App developers now have 18,796 different Android devices to consider if they want to optimise their apps for each possible configuration, according to a new survey from OpenSignal.
Google might be making headway on reducing the challenges of operating system fragmentation, but one thing it has little control over is device fragmentation — which includes handsets' various screen sizes, which sensors a device has onboard, and different performance levels.
This type of fragmentation, in addition to the different versions Android that power handsets, has been one of the reasons why developers have built for iOS first, where they need to cater to just four different screen sizes and generally can rely on the bulk of users being on the most recent OS. Still, with Android being the dominant OS when it comes to market share, developers can't ignore it.
OpenSignal, which produces reports on the quality of mobile data networks around the world, has also been keeping a tab on Android device fragmentation, surveying hundreds of thousands of devices that have its app installed to track each model and their different screen sizes.
In last year's survey of 682,000 handsets, it found 11,868 separate device configurations, up on its 2012 count of just 3,997. This year, surveying the same number of devices, it found nearly 7,000 more devices, meaning that in theory developers need to consider 18,769 devices if they want to ensure their product is optimised for each of them.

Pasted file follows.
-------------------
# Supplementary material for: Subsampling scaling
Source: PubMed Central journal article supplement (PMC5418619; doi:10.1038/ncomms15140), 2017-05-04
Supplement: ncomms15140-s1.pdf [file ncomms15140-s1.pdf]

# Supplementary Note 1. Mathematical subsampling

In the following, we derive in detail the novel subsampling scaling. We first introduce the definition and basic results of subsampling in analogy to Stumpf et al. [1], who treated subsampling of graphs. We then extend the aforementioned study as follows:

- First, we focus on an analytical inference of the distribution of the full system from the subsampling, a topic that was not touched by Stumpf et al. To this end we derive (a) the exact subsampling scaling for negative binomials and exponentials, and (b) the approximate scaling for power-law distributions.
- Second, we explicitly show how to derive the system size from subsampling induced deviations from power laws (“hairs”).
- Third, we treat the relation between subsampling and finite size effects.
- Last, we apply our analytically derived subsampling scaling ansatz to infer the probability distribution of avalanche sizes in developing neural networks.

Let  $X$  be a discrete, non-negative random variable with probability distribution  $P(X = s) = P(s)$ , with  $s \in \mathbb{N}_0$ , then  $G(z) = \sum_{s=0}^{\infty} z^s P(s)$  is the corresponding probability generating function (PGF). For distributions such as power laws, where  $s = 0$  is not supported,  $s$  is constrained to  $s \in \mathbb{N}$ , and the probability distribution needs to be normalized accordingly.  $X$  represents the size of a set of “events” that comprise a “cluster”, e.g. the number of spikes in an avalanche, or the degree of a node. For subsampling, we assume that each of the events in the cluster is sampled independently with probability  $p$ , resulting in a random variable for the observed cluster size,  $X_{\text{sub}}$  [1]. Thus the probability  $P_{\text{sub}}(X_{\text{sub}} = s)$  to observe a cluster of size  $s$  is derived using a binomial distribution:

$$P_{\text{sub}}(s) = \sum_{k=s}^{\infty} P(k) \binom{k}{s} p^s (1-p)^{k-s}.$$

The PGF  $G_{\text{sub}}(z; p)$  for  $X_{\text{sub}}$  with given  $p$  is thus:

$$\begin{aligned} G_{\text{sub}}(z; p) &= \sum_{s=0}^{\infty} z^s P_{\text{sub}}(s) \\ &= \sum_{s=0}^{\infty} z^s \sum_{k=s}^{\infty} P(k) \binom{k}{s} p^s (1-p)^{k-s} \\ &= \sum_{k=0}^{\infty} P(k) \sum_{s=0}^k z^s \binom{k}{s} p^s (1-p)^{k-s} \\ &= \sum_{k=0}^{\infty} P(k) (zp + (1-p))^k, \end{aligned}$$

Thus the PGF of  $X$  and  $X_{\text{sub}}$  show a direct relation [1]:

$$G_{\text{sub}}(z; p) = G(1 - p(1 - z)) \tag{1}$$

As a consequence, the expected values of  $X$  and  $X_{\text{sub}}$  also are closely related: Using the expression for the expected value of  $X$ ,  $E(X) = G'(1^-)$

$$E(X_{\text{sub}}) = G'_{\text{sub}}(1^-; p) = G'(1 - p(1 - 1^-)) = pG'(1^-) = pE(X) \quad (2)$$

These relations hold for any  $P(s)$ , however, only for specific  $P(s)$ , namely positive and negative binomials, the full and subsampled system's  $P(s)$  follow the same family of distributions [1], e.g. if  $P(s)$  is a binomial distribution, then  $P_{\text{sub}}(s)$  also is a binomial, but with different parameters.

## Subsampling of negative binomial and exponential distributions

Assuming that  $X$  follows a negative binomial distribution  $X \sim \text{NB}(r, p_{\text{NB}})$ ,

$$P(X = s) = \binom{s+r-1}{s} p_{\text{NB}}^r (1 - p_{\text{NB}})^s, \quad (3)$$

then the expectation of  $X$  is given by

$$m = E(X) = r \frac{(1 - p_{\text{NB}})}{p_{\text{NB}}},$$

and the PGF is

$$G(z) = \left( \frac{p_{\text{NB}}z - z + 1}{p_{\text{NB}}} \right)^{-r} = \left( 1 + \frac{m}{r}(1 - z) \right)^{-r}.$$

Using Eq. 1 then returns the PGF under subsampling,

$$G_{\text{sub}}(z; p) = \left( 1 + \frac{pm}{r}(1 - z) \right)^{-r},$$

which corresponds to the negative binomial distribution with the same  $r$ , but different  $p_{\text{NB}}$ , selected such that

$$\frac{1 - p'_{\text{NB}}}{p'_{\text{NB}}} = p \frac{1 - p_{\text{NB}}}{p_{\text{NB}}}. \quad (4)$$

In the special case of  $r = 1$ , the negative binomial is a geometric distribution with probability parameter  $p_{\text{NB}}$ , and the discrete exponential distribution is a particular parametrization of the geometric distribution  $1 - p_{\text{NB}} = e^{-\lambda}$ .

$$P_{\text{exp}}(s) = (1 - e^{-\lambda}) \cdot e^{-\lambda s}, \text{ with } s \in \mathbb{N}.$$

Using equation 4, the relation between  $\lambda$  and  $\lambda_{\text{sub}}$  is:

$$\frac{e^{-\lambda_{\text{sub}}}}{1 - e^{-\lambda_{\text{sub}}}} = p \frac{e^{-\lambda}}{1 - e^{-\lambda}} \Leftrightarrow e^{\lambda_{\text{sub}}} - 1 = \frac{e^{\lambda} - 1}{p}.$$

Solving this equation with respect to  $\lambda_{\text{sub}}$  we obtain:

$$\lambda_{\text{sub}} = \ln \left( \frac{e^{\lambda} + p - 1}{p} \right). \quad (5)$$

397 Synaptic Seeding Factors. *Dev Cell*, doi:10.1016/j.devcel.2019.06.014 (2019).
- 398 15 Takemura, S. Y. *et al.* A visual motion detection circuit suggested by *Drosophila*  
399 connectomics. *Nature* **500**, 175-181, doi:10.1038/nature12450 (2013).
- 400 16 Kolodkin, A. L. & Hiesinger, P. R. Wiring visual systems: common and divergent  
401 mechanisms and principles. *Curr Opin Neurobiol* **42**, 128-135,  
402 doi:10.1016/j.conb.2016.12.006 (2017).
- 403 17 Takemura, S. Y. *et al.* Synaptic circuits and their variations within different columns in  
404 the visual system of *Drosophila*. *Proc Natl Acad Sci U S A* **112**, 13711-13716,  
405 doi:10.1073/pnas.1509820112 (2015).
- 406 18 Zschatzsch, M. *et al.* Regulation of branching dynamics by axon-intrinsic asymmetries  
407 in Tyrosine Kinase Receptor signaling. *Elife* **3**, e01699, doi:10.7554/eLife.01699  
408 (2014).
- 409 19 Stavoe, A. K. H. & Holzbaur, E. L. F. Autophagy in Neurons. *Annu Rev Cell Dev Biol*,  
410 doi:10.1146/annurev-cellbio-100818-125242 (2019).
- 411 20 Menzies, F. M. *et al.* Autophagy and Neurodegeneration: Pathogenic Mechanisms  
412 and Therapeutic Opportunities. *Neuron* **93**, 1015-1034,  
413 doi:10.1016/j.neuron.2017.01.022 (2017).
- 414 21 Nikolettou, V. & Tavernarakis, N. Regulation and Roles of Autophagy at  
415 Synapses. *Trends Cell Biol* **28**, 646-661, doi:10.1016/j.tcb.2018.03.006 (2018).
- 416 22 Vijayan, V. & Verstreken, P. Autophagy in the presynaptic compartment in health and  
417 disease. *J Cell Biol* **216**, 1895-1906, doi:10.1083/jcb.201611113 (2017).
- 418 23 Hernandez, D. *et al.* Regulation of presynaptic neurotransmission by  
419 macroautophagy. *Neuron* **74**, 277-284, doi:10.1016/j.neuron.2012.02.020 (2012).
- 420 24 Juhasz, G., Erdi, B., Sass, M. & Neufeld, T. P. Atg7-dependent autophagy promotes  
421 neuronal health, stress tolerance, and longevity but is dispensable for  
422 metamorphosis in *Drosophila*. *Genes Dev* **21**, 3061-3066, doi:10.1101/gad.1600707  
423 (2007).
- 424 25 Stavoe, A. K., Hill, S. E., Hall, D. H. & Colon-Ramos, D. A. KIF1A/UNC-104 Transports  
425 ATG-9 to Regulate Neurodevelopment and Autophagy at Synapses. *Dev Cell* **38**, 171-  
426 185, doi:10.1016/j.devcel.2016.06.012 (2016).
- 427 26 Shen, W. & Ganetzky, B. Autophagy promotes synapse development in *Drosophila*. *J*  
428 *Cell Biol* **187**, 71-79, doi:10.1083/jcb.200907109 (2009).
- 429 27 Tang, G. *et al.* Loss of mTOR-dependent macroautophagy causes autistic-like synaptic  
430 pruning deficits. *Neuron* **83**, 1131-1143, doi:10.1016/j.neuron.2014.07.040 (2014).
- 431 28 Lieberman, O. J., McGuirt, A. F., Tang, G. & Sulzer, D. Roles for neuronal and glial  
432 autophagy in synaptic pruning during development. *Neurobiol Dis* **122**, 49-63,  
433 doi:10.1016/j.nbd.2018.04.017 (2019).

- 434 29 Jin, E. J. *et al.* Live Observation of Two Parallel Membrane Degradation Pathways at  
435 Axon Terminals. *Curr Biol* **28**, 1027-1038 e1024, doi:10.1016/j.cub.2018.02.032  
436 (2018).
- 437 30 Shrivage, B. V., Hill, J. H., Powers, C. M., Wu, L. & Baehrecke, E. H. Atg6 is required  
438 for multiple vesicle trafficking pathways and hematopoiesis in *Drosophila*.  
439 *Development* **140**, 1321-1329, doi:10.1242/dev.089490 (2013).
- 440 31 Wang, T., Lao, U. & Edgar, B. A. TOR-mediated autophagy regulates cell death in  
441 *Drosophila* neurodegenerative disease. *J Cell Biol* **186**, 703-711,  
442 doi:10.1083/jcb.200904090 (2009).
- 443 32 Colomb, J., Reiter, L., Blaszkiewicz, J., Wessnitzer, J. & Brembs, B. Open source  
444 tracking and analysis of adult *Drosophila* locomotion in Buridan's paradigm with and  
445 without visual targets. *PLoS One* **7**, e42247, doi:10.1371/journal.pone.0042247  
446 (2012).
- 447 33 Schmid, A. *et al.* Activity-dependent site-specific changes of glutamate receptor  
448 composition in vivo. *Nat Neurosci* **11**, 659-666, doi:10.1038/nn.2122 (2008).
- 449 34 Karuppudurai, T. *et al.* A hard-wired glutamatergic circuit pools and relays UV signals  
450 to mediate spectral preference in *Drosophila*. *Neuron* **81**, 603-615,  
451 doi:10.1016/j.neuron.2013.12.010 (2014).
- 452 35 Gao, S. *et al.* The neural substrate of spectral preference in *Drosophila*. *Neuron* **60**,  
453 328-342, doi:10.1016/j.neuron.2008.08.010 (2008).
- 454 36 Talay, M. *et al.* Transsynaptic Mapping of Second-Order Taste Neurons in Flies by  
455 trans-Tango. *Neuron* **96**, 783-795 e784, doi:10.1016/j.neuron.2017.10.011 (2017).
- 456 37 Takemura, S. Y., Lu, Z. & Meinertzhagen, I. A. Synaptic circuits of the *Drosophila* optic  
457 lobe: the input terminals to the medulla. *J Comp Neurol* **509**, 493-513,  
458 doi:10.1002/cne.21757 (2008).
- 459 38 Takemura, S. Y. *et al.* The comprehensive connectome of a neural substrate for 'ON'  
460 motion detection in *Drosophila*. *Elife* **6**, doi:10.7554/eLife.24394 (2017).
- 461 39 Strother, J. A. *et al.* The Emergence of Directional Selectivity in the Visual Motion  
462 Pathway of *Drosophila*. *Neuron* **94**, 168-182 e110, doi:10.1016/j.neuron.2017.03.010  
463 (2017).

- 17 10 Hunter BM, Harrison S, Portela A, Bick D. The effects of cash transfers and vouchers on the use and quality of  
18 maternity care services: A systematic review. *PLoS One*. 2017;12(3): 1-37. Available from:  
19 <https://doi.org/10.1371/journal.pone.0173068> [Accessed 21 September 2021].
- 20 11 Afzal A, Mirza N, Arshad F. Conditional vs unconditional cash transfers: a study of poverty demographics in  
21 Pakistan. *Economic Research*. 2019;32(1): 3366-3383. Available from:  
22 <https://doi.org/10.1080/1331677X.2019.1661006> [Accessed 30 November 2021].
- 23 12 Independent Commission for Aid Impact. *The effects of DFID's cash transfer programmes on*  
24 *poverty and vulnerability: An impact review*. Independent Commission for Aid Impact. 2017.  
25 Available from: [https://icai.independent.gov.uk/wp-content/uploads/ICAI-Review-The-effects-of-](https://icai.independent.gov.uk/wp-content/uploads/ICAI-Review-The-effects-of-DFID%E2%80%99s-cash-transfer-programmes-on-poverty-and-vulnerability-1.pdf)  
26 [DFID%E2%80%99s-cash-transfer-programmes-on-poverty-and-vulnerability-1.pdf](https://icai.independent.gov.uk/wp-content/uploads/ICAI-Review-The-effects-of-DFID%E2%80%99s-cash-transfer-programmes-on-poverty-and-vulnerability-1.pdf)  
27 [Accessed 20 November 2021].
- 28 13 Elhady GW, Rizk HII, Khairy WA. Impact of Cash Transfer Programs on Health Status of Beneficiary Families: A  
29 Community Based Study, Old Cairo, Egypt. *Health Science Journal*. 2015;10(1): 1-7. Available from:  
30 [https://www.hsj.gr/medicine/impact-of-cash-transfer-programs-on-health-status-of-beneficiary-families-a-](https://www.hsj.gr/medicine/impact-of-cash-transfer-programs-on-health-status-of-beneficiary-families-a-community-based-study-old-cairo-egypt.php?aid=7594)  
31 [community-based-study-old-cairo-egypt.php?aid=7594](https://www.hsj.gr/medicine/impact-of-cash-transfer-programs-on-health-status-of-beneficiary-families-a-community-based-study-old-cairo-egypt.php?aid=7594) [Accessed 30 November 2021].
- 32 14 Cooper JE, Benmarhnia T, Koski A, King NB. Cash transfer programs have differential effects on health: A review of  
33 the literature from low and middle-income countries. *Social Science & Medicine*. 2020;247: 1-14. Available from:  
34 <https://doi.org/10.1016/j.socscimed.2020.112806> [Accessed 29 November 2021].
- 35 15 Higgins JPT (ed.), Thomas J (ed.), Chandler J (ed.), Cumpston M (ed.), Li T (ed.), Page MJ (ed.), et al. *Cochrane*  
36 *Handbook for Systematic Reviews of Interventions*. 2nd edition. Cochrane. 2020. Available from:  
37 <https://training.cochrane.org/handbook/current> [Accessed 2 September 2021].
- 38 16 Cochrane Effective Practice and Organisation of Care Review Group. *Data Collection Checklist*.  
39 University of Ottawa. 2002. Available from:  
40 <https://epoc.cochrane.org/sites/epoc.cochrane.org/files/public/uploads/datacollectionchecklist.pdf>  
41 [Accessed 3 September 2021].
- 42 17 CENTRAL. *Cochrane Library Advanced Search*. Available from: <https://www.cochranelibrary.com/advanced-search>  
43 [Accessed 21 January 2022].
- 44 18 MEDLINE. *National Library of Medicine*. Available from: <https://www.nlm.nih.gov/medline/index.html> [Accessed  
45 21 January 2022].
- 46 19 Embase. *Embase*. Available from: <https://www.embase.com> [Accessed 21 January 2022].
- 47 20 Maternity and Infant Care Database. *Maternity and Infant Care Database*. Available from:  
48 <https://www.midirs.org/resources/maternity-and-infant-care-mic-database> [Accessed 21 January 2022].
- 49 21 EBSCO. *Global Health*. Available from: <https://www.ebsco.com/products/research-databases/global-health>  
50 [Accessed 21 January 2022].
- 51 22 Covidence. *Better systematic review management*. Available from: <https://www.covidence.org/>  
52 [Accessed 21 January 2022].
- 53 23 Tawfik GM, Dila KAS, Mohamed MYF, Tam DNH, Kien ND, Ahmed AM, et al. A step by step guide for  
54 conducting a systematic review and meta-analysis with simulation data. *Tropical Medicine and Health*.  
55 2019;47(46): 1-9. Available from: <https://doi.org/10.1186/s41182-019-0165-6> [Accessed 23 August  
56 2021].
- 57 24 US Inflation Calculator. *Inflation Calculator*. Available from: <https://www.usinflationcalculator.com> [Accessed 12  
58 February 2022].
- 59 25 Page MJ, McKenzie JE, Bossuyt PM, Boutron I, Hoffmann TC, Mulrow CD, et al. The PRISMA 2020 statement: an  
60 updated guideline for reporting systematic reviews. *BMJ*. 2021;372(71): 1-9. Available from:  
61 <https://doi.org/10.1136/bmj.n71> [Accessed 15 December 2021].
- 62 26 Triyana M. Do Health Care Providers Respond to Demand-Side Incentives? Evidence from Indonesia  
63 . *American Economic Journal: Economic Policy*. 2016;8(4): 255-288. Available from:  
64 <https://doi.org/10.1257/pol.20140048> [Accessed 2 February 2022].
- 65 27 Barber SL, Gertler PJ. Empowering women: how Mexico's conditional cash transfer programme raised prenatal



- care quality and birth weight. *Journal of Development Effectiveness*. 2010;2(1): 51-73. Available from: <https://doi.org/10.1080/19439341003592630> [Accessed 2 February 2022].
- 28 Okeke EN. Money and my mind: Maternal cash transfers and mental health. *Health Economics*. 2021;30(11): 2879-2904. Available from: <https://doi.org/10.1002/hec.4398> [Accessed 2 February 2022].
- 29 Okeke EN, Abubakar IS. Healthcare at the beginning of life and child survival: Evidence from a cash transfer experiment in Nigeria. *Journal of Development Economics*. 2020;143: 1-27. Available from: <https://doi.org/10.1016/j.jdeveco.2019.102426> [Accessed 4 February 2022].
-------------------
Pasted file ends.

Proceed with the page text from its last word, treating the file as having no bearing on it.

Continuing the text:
While developers are unlikely to check every device, they can, say, pick the 10 most popular devices to test their apps against. But the rise in Android device types means that testing those top devices will only represent about 15 percent of the market, compared to last year when the top 10 represented 21 percent.
Samsung of course continues to dominate Android sales and, according to OpenSignal, is behind 12 of the 13 most popular devices. However, its 43 percent share of the market has declined from 47.5 percent last year, and Sony is now ranking second with a 4.8 percent share.
While Google is addressing Android fragmentation through Google Play Services and moving key Google apps to being handled through its Play app store, according to OpenSignal, the Android operating system is "the most fragmented it has ever been".
Google publishes its own Android version distribution numbers each month, highlighting the popularity of each OS. In August, KitKat Android 4.4 was running, with just over half of all Android devices remaining on Jelly Bean. It also highlighted seven versions of the OS with more than 0.1 percent distribution.
One figure Google hasn’t yet published though is the breakdown between different versions of KitKat, from 4.4.1 to the latest update 4.4.4. OpenSignal factors in all three versions, showing that there are in fact 19 individual versions of Android currently running on devices.